These deep-water sharks have a slow reproduction rate, so are at risk for exploitation. They are long and slender dogfish, rarely larger than 5 feet, with two dorsal fins, and green eyes. They migrate and appear to school in small groups, but there is a lot about their life and behavior that is unknown. Because of the depth of their habitat, they are considered little to no threat to humans.
Order – Squaliformes
Family – Centrophoridae
Genus – Centrophorus
Species – granulosus
Common names for the gulper shark include: žralok hltac obecný (Czech Rep), zaghrun (Japan), uroko-aizame (Japan), squalechagrin commun (France), sorghaj (Sweden), sagru (Malta), sagrì (Italy), sagri (Malta), sagri, (Italy), ruwe zwelghaai (Netherlands), ru pighaj (Denmark), requin chagrin (France), rauher dornhai (Germany), ramudo (Madeira Is.), quelve (Spain), quelvacho (Spain), quelme (Canary Is.), quelme (Cape Verde), quelma (Azores Is.), queime (Cape Verde), pixxinotte (Malta), peshk derr (Albania), pas kostelj dubinac (Croatia), negra (Spain), lixa-de-lei (Cape Verde), lixa granulosa (Mozambique), köpek baligi (Turkey), kotsan khad snapir (Israel), kokokentroforos (Greece), kokkoagathitis (Greece), kewaczo (Poland), kentroni (Greece), kalb (Morocco), gulper shark (UK), gulper shark (Azores Is.), gulper shark (Malta), gulper shark (Australia), galludo manchado (Cuba), chien gris (France), centroforo comune (Italy), centroforo (Italy), cação (Angola), barroso (Cape Verde), barroso (Angola), aiguillat gros yeux (France), and agathitis (Greece).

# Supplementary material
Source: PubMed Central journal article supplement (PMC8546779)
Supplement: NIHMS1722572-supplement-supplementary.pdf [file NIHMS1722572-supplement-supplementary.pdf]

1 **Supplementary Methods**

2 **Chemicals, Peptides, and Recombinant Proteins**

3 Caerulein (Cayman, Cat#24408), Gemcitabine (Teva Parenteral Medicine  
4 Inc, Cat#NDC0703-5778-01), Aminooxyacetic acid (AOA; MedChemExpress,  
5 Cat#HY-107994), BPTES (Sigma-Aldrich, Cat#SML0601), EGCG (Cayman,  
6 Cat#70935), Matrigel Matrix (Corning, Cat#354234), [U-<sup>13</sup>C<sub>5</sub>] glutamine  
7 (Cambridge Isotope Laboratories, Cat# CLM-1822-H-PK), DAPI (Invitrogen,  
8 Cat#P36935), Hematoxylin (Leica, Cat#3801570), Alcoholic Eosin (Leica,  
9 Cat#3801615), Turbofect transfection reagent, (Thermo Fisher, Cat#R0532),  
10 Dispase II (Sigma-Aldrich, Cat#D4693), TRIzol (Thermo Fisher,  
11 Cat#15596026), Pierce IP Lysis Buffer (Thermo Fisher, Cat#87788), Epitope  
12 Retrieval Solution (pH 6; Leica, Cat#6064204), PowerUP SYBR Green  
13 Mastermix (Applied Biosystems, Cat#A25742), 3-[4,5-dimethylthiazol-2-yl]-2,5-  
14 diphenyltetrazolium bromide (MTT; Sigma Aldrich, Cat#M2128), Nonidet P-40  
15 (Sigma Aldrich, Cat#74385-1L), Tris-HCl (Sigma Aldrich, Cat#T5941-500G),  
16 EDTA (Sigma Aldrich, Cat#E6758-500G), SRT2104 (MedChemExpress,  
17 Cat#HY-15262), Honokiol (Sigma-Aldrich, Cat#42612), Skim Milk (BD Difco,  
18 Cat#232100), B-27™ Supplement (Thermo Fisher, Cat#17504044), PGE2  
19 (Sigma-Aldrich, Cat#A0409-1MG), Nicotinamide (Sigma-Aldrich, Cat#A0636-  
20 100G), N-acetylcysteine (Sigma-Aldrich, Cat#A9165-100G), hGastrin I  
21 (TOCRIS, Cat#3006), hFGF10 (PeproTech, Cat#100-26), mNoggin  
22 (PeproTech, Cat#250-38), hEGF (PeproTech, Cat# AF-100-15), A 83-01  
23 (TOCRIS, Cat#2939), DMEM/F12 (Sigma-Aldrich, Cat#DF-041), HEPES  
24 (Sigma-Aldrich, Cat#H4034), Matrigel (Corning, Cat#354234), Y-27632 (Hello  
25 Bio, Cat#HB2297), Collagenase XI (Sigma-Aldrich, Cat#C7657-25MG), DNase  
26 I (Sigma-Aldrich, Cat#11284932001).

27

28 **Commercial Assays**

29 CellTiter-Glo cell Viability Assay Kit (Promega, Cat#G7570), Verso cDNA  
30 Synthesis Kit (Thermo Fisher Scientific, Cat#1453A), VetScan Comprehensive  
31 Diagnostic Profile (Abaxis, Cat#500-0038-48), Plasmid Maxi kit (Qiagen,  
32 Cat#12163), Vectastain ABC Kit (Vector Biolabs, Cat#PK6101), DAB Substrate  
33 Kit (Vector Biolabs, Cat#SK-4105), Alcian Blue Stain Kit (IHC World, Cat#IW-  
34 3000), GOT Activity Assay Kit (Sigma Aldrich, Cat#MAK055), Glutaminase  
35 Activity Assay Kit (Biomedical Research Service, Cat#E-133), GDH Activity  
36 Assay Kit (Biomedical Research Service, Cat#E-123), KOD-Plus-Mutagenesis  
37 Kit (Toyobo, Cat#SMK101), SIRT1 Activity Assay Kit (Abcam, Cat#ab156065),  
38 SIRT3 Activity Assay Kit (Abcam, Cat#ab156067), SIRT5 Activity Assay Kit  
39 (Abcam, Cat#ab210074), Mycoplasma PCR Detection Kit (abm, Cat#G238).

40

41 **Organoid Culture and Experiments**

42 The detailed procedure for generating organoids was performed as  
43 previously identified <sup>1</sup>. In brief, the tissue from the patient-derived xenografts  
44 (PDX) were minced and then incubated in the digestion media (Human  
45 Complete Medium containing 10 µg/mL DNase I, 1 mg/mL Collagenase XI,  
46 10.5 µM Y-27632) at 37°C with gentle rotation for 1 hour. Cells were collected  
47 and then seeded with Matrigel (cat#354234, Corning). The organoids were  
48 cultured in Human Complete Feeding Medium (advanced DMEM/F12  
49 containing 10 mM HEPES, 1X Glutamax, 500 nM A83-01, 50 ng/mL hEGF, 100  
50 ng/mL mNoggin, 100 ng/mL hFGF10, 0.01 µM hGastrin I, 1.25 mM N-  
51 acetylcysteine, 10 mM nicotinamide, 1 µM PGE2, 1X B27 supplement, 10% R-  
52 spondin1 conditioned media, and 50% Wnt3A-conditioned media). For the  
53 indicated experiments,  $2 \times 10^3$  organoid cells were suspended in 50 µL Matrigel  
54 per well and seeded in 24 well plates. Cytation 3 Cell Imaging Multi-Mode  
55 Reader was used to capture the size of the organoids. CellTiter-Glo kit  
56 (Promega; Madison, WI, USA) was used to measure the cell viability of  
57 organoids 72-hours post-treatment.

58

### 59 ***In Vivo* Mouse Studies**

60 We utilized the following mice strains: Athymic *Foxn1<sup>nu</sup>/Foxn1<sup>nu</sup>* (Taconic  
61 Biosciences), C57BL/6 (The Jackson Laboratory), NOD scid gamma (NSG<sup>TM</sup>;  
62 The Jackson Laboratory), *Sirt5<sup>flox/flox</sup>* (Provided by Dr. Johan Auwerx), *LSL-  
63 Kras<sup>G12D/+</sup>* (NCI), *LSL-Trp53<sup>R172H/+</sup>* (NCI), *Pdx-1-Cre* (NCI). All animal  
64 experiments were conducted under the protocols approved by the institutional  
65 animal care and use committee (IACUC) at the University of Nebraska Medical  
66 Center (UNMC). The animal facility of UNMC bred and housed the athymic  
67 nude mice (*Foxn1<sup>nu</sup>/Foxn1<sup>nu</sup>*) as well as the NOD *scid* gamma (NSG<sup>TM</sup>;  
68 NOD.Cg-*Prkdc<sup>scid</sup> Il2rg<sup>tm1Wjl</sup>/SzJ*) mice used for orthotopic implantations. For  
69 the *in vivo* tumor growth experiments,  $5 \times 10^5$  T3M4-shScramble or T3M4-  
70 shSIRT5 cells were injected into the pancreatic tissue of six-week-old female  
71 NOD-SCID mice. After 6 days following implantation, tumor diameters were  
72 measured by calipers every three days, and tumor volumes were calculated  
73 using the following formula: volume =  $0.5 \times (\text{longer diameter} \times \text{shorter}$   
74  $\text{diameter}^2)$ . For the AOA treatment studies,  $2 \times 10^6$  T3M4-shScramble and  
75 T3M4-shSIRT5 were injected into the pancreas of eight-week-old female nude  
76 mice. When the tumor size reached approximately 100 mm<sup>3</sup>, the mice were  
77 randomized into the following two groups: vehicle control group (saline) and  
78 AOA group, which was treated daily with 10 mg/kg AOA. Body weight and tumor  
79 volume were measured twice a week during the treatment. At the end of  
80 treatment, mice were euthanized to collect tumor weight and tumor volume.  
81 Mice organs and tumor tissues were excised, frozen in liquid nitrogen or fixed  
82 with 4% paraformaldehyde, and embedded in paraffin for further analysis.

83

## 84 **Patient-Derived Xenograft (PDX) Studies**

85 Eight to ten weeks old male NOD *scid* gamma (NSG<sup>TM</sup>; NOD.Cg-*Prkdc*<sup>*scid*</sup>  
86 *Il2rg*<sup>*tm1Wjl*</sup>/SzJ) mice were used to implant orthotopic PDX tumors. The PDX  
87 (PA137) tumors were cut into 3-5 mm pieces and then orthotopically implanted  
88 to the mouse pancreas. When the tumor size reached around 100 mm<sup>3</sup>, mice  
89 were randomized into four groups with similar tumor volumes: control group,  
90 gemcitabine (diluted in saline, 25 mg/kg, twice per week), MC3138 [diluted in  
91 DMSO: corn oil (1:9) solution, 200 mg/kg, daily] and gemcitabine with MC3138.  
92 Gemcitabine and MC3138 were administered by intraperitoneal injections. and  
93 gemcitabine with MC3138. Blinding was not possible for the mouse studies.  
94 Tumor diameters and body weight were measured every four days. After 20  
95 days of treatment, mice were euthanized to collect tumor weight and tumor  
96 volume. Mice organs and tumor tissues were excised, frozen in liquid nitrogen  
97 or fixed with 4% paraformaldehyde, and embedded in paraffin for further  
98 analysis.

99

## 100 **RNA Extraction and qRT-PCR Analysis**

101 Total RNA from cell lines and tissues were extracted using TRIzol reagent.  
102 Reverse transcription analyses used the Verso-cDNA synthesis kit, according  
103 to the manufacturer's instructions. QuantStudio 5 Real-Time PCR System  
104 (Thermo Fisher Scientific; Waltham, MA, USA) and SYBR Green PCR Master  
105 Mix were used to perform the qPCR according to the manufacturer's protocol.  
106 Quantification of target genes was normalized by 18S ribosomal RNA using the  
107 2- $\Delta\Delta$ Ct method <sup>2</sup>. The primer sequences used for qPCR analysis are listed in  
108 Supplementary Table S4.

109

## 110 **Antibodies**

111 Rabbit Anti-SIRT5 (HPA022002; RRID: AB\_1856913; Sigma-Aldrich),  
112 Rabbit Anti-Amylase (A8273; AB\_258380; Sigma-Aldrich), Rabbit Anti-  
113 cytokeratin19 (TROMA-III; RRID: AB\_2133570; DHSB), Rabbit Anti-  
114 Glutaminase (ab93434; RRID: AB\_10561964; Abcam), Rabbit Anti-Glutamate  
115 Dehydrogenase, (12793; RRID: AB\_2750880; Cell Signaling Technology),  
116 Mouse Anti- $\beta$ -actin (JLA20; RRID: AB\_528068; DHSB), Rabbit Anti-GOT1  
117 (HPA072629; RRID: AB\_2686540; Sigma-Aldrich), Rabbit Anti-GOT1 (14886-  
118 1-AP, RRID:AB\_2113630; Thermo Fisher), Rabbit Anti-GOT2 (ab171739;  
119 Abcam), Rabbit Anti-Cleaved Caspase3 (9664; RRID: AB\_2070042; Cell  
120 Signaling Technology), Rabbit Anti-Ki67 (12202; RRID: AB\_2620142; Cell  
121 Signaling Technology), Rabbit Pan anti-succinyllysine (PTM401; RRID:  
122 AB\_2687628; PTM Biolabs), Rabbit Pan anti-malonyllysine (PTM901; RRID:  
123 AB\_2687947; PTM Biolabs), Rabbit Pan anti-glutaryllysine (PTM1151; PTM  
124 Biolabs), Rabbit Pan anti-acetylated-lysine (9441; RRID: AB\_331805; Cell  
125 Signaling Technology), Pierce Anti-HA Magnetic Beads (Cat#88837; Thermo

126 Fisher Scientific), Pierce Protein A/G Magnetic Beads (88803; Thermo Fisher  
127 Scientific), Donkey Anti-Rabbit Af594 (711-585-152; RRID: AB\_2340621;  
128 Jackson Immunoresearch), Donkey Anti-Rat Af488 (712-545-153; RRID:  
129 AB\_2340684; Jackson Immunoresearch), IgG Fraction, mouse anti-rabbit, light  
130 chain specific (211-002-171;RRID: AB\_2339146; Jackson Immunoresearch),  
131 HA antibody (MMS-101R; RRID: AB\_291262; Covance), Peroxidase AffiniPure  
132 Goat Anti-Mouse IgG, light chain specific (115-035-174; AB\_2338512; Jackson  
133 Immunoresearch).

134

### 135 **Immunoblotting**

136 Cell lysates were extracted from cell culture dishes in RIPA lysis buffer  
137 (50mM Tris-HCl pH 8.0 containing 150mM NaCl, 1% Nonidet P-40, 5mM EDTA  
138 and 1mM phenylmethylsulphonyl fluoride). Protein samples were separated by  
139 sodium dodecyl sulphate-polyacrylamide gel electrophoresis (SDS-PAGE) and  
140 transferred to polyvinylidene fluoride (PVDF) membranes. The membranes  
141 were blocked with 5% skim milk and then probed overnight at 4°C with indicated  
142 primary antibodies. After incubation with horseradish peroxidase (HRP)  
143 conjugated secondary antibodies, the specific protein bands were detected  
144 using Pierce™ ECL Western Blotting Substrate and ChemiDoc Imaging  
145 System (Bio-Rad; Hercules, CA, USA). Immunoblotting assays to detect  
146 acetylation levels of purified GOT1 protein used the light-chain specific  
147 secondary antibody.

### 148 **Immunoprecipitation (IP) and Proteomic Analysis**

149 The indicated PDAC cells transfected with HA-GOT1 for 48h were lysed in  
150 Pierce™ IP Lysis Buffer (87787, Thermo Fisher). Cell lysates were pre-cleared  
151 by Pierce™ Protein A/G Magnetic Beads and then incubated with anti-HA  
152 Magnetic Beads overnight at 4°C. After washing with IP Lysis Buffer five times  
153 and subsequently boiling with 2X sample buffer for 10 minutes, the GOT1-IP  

Importance to Humans
The gulper shark is fished with a variety of methods including bottom trawls, hook and line, or with pelagic trawls in the eastern Atlantic. Although sometimes caught as bycatch, some deepwater longline fisheries do target this species. The gulper shark can be smoked and/or dried/salted for human consumption and is also processed for fishmeal and liver oil. The gulper shark is potentially very valuable for its large liver with high oil content.
Danger to Humans
This shark poses no threat to humans due to its deep water habitat.